The effective depth of GPR penetration is very site specific, occasionally varying 500% within 20 feet. Signal penetration decreases with increased soil conductivity. Conductive materials (e.g., clay) attenuate the GPR signal to the point that very little depth penetration is achieved. Penetration is greatest in unsaturated sands and fine gravels. Clayey, highly saline, and moist soils as well as areas covered by steel reinforced concrete and foundry slag allow for very little GPR penetration.
Optimum soils types for GPR penetration are gravels with minimal clay and silt content. Hard rock, ice, and fresh-water environs are also well suited to GPR
GPR Operation & Application
The GPR system is mounted on a wheeled carrier vehicle which is manually driven by the GPR operator. The GPR system transmits radar waves that are transmitted and received by a control unit operating a transducer / antenna that is pulled along the ground. A time section is simultaneously displayed on a chart recorder, allowing the images to be examined during data acquisition. Energy is propagated into the ground from a transmitting antenna and is reflected back to a receiving antenna from subsurface boundaries at which there are EM property contrasts. As the antennas are moved along the survey line, a series of scans are collected and positioned side by side to form a profile of the subsurface. Adjustments in recording parameters can be made as necessary.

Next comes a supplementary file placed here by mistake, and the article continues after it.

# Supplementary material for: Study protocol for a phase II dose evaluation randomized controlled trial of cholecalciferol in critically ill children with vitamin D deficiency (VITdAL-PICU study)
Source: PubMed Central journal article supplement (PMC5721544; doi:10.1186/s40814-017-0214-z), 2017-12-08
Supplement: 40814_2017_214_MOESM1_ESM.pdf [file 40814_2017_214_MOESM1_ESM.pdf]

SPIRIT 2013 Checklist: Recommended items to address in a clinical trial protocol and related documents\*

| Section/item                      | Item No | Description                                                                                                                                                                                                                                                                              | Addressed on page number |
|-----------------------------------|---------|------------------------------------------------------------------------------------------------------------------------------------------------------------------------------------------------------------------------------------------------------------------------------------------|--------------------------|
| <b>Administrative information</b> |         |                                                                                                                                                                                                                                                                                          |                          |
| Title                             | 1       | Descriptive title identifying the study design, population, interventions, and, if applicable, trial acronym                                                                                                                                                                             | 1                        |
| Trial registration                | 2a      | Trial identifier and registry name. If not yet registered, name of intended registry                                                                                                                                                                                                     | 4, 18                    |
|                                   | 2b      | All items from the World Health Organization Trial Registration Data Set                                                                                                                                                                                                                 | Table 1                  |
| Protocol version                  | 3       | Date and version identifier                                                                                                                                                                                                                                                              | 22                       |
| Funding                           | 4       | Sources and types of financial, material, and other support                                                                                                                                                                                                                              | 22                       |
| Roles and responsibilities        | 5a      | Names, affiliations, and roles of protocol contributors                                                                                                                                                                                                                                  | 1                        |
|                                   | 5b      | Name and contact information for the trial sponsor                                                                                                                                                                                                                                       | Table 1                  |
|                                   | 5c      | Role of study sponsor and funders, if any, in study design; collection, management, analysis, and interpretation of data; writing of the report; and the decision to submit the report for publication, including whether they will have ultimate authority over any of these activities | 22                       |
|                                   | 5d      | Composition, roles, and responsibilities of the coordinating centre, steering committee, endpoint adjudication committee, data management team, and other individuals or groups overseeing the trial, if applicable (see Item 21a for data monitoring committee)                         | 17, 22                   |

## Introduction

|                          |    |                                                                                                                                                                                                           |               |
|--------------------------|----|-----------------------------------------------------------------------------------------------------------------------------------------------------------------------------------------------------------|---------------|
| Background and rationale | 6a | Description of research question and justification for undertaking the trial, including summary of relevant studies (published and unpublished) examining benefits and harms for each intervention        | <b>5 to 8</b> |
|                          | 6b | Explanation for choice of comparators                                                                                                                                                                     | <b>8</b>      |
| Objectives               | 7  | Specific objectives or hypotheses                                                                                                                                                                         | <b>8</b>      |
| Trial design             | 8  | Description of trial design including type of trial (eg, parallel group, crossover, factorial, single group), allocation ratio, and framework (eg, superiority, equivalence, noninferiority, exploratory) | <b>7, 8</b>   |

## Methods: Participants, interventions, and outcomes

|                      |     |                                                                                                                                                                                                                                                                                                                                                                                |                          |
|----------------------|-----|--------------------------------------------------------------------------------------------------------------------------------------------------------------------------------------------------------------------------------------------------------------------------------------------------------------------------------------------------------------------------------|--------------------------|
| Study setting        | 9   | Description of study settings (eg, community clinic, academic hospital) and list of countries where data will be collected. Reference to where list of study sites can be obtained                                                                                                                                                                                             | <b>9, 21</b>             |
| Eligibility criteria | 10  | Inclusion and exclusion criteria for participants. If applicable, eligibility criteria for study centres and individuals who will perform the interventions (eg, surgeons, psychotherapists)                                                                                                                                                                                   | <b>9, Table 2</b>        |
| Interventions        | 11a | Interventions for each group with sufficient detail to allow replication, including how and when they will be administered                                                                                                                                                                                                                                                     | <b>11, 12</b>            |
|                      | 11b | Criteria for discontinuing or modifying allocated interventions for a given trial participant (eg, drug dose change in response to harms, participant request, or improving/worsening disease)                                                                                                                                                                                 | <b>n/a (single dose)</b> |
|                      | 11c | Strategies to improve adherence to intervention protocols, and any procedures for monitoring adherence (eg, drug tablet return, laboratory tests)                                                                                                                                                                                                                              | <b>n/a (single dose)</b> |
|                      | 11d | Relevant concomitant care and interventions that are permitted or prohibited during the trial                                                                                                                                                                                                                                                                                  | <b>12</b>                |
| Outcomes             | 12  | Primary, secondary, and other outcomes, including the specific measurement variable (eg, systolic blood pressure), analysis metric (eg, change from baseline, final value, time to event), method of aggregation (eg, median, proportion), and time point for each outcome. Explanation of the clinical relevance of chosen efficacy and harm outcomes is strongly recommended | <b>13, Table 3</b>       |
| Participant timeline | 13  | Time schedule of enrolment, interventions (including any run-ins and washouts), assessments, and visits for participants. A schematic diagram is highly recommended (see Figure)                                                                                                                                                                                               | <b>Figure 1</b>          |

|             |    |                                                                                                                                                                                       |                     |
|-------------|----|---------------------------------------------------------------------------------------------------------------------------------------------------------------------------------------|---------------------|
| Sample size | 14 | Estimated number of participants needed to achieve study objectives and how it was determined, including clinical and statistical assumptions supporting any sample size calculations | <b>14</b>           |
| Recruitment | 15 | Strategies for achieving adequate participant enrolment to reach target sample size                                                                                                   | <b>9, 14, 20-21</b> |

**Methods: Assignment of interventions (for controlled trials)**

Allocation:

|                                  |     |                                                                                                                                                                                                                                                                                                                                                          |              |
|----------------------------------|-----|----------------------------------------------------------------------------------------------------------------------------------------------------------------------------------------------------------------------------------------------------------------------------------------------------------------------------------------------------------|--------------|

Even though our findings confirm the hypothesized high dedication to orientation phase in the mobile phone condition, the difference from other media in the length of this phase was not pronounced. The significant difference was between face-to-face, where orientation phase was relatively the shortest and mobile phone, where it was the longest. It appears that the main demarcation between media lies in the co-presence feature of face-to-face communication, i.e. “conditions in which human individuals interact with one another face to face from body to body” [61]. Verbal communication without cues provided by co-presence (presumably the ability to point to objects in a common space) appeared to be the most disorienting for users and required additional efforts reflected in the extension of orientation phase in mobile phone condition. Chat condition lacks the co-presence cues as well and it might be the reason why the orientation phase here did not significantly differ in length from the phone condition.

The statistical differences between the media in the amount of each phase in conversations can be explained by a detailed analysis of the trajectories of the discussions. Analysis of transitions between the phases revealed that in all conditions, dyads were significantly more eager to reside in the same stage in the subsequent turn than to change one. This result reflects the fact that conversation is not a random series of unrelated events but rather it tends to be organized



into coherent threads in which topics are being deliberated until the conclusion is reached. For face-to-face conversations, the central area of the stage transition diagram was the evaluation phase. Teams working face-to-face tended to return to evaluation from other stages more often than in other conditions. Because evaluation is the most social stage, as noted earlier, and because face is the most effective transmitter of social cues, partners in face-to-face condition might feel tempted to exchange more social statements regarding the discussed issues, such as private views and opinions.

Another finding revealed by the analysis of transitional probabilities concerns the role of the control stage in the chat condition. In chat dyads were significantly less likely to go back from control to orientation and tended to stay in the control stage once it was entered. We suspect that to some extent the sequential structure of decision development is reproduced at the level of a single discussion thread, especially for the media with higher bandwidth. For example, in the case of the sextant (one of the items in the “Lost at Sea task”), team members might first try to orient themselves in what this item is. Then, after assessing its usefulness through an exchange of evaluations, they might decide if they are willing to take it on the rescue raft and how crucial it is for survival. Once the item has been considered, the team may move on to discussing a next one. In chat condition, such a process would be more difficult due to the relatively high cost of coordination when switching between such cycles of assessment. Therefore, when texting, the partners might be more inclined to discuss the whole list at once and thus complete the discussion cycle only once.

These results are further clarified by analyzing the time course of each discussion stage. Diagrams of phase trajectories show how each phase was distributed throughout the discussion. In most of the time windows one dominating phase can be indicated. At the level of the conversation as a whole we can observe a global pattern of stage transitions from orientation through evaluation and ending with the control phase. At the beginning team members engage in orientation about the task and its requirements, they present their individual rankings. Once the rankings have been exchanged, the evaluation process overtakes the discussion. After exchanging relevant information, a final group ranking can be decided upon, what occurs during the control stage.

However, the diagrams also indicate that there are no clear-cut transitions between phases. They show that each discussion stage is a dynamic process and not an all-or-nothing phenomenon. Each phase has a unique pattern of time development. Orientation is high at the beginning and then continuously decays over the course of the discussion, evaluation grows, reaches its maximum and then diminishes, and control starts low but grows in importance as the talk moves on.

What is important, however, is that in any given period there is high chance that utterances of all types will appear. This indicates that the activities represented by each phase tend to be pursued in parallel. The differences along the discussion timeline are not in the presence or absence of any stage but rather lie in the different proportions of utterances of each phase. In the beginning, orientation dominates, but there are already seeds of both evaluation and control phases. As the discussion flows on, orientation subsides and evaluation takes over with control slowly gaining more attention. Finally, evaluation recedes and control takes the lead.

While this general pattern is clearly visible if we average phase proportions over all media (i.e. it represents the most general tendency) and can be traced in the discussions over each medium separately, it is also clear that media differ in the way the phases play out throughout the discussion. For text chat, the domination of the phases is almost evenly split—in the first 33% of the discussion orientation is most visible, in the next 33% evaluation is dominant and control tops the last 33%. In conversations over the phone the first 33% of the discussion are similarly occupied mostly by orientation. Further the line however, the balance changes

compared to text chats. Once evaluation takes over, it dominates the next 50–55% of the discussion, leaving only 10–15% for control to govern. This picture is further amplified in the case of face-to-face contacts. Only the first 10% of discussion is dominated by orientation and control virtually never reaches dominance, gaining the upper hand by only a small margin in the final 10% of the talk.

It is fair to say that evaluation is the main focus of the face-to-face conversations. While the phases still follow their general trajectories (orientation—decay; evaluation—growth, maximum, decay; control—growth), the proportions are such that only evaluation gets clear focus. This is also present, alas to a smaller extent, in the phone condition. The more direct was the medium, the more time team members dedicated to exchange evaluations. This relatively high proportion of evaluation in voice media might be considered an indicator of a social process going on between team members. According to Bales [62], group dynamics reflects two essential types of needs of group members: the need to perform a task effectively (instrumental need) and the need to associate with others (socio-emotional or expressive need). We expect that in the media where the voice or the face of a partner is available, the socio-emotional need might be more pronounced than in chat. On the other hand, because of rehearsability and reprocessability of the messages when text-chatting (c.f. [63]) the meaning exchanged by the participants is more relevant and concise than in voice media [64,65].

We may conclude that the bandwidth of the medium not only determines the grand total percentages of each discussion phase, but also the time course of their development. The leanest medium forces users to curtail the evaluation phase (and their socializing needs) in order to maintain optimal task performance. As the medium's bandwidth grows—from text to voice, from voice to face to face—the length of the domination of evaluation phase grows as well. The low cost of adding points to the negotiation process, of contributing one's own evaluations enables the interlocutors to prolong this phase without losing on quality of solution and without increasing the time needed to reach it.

When the GPR unit has gone over an area that contains subsurface information, the GPR technician can record the information, stop and back up the cart, and the display cursor will show the position you're interested in on the screen. Then our Geophysical technician can accurately mark the ground at the exact position of the object with spray paint. Once the area has been marked the GPR survey can continue.
Areas in white are buried objects.
Higher frequency, shielded antennae can be used for tank/pipe locates. The penetration depth of the instrument is dependent on the chosen base frequency. The higher the frequency, the less the penetration. The trade-off is that the lower frequencies lose target resolution. Typically, 100 MHz to 50 MHz are used for bedrock detection, 500 MHz to 200 MHz antennae are used for tank locates, and 1000 MHz is used for rebar checking.
GPR can also be used to detect contaminants, if the conditions are right. The reflection delay time is controlled by the dielectric properties of the material. The signal velocity (m/ns) is approximately equal to one third the value of the dielectric constant. Some contaminants have different dielectric properties compared to the host geology. For example, GPR signals travel at 0.01 m/ns through sea water compared to 0.06 m/ns through clean, saturated sand.